Nexus NX-5000 Silent PSU

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Nexus has had PSUs in SPCR’s silent circle before. The NX-5000, a modest 530W model with fairly high efficiency, is the latest to enter the select winners circle.

Dec 27, 2009 by Mike Vass

Product
Nexus NX-5000 R3
530W Power Supply
Manufacturer
Nexus
Market Price
~US$100

Nexus has offered a variety of computer components for a decade, and presently have a plethora of cases, heatsinks, fans, and power supplies for the consumer market. Nexus has always been focussed on quiet computing gear since their inception; we use some of their fans as references in our reviews.

SPCR has reviewed several Nexus power supplies in the recent past, including both the
old and improved NX-8060
600W
, the amazingly quiet Nexus
Value 430 (430W)
, and the high-end RX-8500
(850W)
. Under scrutiny now is a medium power offering from Nexus, the NX-5000
(Revision 3), that promises to be "Real Silent" while delivering enough
power (530W) for high-end dual-GPU gaming rigs.

PACKAGING & FEATURES


The box is reminiscent of the RX-8500, with a convenient carrying handle
and a subtle feature listing in the bottom-left.

The back of the box highlights efficiency and "silent" operation.
Nexus NX-5000 FEATURE HIGHLIGHTS (from the
web
product page
)
Highlight Our comment
530 Watt true power "True power" as opposed to peak or apparent power, one assumes.
Single 12V Rail Preferable to multiple lines, in our view.
82% efficiency; complies with 80 PLUS BRONZE
specifications
82%, 85%, 82% efficiencies at 20%, 50%,
and 100% loads.
Inaudible performance

We will find out.

Sleeved cables with X-mesh

This is neXus branding; the sleeving is wrapped nice and
tight.

Active PFC This is important if you
buy by the Volt-Ampere, rather than the Wat, but a very common feature nowadays.
Real Silent 12cm fan The phrase "real silent" has
always been annoying but perhaps it markets better than the grammatically
correct "really silent".
Excellent airflow, honey-comb grill The entire back panel is a honey-comb
grille, which is nice, but again not uncommon.
Full range automatic; no voltage selection
has to be set
This is common in power supplies
with Active PFC circuitry.

Multiple safety features such as: overvoltage and short-circuit protection

These features help to protect your downstream
components.
Ball bearing fan Better for longevity in hot conditions but usually noisier than sleeve bearing.
Version ATX 2.2 OK.
Complies to WEEE & RoHS Mandatory for EU. RoHS and
WEEE set rules regarding hazardous substances and end-of-life recovery targets,
respectively.
Size:150x86x125mm / 5.9×3.4×4.9in 125mm deep is actually short,
and good for case organization.

SPECIFICATIONS

Power specifications can be found on the website or on a sticker
on the side of the PSU itself:

Nexus NX-5000 (R3) Specifications
AC Input
100-240V – 10A/5A 47/63Hz (Differs from website)
DC Output
3.3V
5V
12V
-12V
5Vsb
24A
24A
41A
0.5A
2.5A
140W
492W
6W
12.5W
511.5W
530W

The maximum current ratings for -12V and 5V standby are a little
lower than we’ve seen on lower rated power supplies, but this is just a testament
to the decreasing need for -12V in modern components, and the lower standby
power consumption of new peripherals.

The NX-5000 complies with 80 Plus Bronze specifications, which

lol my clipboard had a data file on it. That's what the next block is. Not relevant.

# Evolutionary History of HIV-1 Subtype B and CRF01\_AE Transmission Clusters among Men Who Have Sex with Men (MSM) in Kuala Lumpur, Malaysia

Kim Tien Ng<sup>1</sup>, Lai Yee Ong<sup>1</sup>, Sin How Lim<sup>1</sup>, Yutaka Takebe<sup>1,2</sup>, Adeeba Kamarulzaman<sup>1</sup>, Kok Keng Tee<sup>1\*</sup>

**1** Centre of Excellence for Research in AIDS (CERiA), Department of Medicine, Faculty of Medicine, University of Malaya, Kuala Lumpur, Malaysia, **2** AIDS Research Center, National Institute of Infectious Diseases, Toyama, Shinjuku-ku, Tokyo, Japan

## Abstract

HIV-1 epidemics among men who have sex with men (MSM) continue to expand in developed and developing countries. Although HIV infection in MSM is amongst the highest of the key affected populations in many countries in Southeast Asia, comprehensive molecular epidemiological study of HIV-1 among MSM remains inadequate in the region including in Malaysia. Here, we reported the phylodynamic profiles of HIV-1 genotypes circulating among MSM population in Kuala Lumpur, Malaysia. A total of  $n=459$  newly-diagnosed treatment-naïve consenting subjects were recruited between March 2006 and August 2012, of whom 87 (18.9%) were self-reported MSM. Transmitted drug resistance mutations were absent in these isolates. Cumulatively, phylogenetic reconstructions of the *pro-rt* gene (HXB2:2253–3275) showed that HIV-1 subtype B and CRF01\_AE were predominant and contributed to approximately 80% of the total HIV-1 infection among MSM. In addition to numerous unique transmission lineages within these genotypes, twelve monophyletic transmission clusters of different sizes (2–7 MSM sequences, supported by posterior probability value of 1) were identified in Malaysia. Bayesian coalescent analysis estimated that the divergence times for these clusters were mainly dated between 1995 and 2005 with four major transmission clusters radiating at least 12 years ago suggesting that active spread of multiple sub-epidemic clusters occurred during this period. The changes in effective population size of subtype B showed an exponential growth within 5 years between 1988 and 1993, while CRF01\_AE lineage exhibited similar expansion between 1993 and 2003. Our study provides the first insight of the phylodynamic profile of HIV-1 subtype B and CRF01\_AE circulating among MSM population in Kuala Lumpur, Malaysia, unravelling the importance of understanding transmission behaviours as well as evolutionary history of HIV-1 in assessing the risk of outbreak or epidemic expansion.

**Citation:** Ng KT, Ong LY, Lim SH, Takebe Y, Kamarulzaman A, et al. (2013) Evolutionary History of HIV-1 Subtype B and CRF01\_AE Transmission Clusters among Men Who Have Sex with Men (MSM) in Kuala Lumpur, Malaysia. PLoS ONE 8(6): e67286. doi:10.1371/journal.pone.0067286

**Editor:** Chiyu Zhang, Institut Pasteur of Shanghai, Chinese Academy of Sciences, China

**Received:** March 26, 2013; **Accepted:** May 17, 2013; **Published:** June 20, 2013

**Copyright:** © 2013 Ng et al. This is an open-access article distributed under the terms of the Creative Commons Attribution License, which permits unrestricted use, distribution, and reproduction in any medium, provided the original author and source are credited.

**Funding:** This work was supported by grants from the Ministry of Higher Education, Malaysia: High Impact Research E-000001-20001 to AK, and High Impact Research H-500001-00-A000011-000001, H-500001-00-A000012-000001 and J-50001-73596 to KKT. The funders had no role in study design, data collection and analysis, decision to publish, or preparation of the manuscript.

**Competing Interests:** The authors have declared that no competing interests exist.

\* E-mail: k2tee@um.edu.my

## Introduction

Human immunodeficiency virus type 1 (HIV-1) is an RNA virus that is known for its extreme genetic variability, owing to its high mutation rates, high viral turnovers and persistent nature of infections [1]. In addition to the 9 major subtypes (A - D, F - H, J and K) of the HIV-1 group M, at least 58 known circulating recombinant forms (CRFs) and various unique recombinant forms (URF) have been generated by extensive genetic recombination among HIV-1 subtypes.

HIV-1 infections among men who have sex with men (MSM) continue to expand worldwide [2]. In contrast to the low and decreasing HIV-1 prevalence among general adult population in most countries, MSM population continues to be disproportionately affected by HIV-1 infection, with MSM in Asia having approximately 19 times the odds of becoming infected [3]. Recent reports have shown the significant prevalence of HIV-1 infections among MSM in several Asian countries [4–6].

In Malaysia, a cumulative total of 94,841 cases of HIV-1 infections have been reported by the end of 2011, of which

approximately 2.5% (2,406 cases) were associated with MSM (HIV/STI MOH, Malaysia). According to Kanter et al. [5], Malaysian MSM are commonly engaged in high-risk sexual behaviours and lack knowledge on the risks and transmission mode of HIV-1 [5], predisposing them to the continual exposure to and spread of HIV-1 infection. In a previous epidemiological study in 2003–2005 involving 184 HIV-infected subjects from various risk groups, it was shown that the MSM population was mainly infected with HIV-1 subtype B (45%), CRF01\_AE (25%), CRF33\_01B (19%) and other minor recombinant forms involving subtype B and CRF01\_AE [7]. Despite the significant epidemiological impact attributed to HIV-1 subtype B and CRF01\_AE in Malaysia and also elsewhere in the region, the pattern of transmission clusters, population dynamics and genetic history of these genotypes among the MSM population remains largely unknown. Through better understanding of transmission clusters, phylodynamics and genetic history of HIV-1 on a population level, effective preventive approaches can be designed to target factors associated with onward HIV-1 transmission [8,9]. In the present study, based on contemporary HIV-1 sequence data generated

requires, along with a handful of other power factor and input power tolerance
requirements, at least 82% efficiency at 20% and 100% loads, and at least
85% efficiency at a 50% load. Keep in mind that the testing for 80 Plus
approval is done at normal ambient room temperature. The 80
Plus Testing Guidelines (PDF)
specify only that "ambient temperature
shall be maintained at 23°C ± 5°C throughout the test
."
In contrast, the ambient temperature of the SPCR test system is directly proportionate
to the load. At low load, the air intake is at or just above room temperature,
but as load is increased, the temperature rises steadily. Typically, with
a fan-cooled PSU, the intake temperature in our test system reaches 45~50°C
at >600W loads. This is an extremely tough test condition, as PSU efficiency
naturally drops off at high and low loads; combine high load with high temperature
and it’s essentially a torture chamber. It does replicate reasonably well
the conditions that prevail in a typical tower PC. For full details, please
refer to SPCR’s PSU Test Platform
V4.1
.

VISUAL TOUR

Inside the box are a handful of accessories and a loose foam block assisting
a bubble-wrap bag in protecting the power supply. This is minimal compared to
other power supplies, which have sometimes included monographed velvet bags
and foam frames, but we prefer it: Less packaging means less waste.


Simple packaging and accessories.

The power supply was further wrapped in another, harder plastic
bag, likely for scratch resistance, though almost comically redundant. The only
included accessories were a set of four uncoloured mounting screws and the AC cable.


Additional bag, likely for scratch resistance, along with twist-tied
power cables and mounting screws.

Hexagonal exhaust holes along the entire back panel, assisting airflow.

The cable sleeves are adorned with an "X" pattern.
Also, a back grille that in some configurations might pump some hot air back
into the case.

There is no UL file number listed anywhere on the case to check at the UL
Online Certifications Directory
, meaning there is no easy way to determine
the OEM. We could dig through the printed circuit board for well known transformer
components and silkscreen board revision numbers, but most readers don’t really